Twenty years ago, when Buffy the Vampire Slayer debuted on The WB, it’s hard to imagine anyone conceiving of what a phenomenon the show would become—a hit TV series, yes, but also a platform through which pop-culture theorists and sociologists alike could consider the dynamics of American teenaged life around the turn of the millennium. “Buffy Studies” have become a thriving faction within academia, while streaming services have kept the show on the contemporary cultural radar. In a media landscape where people continue to be surprised that teenaged girls engage with political issues, the idea of a perky blonde cheerleader being tasked with saving the world is still strikingly subversive.
One of the most revolutionary things Buffy did, though, was take teenagers—and their pain—seriously. The show’s central conceit of having Buffy (Sarah Michelle Gellar) be a “chosen one” destined to protect the earth from vampires and monsters offered a fairly typical setup for a supernatural drama, but the twist was that many of Buffy’s boogeymen were based on real sources of teenage angst. Here were metaphorical demons made literal: a controlling mother who lives vicariously through her daughter, a friend whose behavior becomes unrecognizable when he joins a pack of popular kids, a classmate so lonely and isolated she becomes literally invisible. By having intangible issues manifest themselves as physical monsters, Buffy made them accessible, and manageable.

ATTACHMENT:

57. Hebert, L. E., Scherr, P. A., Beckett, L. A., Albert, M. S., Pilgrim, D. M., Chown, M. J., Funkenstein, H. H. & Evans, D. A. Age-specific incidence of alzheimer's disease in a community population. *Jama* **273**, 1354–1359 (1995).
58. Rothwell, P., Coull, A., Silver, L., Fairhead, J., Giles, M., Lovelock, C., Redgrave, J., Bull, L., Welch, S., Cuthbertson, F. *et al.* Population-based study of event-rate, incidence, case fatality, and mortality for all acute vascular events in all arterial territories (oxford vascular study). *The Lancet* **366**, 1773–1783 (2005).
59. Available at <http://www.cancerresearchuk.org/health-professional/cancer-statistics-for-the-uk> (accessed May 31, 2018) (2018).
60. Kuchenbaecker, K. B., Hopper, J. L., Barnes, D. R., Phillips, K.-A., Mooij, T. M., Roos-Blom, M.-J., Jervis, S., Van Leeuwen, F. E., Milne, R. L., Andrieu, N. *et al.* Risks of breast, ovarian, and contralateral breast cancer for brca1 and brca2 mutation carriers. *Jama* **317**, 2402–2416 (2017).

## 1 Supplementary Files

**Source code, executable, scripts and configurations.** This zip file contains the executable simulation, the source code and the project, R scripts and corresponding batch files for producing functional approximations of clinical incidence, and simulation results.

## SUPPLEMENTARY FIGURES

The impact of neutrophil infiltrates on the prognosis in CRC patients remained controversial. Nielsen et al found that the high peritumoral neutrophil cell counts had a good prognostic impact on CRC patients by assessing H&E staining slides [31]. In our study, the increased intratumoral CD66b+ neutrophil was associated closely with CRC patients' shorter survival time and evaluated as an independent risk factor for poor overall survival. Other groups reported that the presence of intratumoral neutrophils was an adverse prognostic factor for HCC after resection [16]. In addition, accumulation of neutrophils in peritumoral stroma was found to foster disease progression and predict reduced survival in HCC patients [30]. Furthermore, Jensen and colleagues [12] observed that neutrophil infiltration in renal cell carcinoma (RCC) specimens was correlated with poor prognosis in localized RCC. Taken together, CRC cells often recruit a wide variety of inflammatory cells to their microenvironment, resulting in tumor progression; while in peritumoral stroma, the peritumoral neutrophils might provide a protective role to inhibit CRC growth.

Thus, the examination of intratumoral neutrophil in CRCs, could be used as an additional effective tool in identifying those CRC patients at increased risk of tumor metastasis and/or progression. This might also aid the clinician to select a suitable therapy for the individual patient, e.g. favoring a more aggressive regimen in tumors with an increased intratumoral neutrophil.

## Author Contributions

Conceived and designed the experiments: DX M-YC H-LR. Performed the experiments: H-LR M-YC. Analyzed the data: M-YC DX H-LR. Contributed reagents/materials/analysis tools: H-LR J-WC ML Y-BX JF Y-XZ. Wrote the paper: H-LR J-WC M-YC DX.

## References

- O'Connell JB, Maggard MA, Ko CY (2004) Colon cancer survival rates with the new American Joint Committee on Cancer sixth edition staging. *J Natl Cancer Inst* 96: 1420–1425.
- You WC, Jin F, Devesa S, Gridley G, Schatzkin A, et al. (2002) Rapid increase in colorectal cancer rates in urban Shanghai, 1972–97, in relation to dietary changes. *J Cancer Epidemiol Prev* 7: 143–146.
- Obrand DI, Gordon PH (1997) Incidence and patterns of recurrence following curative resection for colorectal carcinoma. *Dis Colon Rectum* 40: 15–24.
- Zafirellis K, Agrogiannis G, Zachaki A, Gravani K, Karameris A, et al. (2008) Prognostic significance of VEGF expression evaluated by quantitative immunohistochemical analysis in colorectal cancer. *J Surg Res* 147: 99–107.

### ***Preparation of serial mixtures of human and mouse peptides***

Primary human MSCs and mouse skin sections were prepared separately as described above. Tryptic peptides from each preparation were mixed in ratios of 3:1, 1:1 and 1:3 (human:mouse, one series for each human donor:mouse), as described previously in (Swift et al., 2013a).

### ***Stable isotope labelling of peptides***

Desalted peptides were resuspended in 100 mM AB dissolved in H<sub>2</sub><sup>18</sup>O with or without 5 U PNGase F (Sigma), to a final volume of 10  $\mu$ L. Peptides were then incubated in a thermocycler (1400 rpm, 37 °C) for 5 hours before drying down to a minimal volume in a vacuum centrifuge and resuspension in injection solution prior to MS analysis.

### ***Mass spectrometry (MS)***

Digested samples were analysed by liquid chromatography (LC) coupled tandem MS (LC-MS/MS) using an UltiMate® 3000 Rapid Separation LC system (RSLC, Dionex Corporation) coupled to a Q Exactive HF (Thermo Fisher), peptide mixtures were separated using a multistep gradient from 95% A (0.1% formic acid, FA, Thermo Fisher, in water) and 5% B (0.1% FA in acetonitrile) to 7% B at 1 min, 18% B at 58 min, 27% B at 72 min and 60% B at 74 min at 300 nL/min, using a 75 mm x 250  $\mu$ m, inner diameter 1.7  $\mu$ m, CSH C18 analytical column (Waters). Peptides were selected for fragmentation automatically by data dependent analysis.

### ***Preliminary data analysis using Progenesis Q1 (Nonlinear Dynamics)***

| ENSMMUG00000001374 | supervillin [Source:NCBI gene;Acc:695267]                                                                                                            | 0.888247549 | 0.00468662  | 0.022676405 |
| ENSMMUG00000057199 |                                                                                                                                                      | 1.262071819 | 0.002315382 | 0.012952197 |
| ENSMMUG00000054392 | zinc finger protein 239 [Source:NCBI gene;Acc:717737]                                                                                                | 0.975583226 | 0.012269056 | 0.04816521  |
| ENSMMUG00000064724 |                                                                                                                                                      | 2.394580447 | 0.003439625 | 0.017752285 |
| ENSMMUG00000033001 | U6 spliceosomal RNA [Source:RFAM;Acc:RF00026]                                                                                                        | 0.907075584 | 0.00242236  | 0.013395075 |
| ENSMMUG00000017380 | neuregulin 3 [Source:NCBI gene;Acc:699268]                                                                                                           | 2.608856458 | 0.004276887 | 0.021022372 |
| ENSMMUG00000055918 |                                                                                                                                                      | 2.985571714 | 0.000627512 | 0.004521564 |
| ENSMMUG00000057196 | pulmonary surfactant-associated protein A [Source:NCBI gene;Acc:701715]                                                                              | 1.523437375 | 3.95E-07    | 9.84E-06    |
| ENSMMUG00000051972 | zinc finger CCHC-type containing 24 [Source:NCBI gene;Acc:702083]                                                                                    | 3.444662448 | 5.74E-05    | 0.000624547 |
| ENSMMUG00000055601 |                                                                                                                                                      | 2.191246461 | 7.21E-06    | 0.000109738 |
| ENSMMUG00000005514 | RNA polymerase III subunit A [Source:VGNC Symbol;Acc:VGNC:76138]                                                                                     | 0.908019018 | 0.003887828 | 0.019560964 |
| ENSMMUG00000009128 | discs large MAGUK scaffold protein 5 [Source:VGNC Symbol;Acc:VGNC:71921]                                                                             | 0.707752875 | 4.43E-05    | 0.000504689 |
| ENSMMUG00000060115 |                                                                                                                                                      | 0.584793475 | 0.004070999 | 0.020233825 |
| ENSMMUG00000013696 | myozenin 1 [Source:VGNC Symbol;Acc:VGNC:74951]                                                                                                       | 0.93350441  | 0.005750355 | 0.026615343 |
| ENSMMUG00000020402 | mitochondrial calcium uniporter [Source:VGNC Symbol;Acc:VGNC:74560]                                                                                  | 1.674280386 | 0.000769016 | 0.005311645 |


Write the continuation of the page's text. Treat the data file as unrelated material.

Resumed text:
As the show progressed, its creator, Joss Whedon, experimented more with the boundaries of what Buffy could do. In season four, concerned that the show’s great strength—its dialogue— was overriding its other qualities, he wrote an episode, “Hush,” in which every single character lost their voice. In season six, he conceived a musical episode in which the characters found themselves spontaneously bursting into song. And in season five, he wrote what many critics and fans consider to be Buffy’s superlative moment: an episode in which a central character died from natural causes, and which showed everyone else experiencing the shock, anger, and grief of her death in real time.
“The Body,” which aired on February 27, 2001, opened by repeating a scene that had concluded the previous episode. Buffy returns home, walking through her front door, commenting on some flowers sitting on the hall table, and calling out to her mother, who’s lying on the couch. When Buffy sees that her mother is motionless, she pauses, and her expression shifts. “Mom?” she says. She repeats the word, more urgently. Then, quieter: “Mommy?”
For Whedon, the episode was born out of a desire to explore and expose the real emotional responses to losing a loved one. On television, death is usually cheap: a device that precipitates a narrative arc, or writes out an actor who wants to leave, or functions as a ploy for ratings. Although some of these factors were involved in “The Body”—the death of Buffy’s mother, Joyce (Kristine Sutherland) marked a turning point for Buffy’s maturity into adulthood—Whedon wanted to focus not on the pain and catharsis of grief, but on how surreal and physically strange it can be. “What I really wanted to capture,” he later explained in the DVD commentary, “was the extreme physicality, the extreme—the almost boredom of the very first few hours.”
The first 13 minutes of the episode are set entirely in Buffy’s home. There’s a flashback to Thanksgiving, and then a swift and jarring cut to the present, where Buffy notices her mother’s body, calls 911, attempts to administer CPR, and responds to the paramedics. Joyce’s body—clearly and noticeably dead from an audience perspective—is visibly jarring, shown in close-up to have a grey pallor and an expression of shock. The title of the episode captures the impact of the physical presence in the living room, and the strangeness of Joyce’s sudden metamorphosis from a living entity into a dead one. Buffy, noticing that Joyce’s skirt has hiked up around her waist during her attempts to administer CPR, pulls it down before the paramedics arrive, conveying how wrong and obscene her mother’s death seems.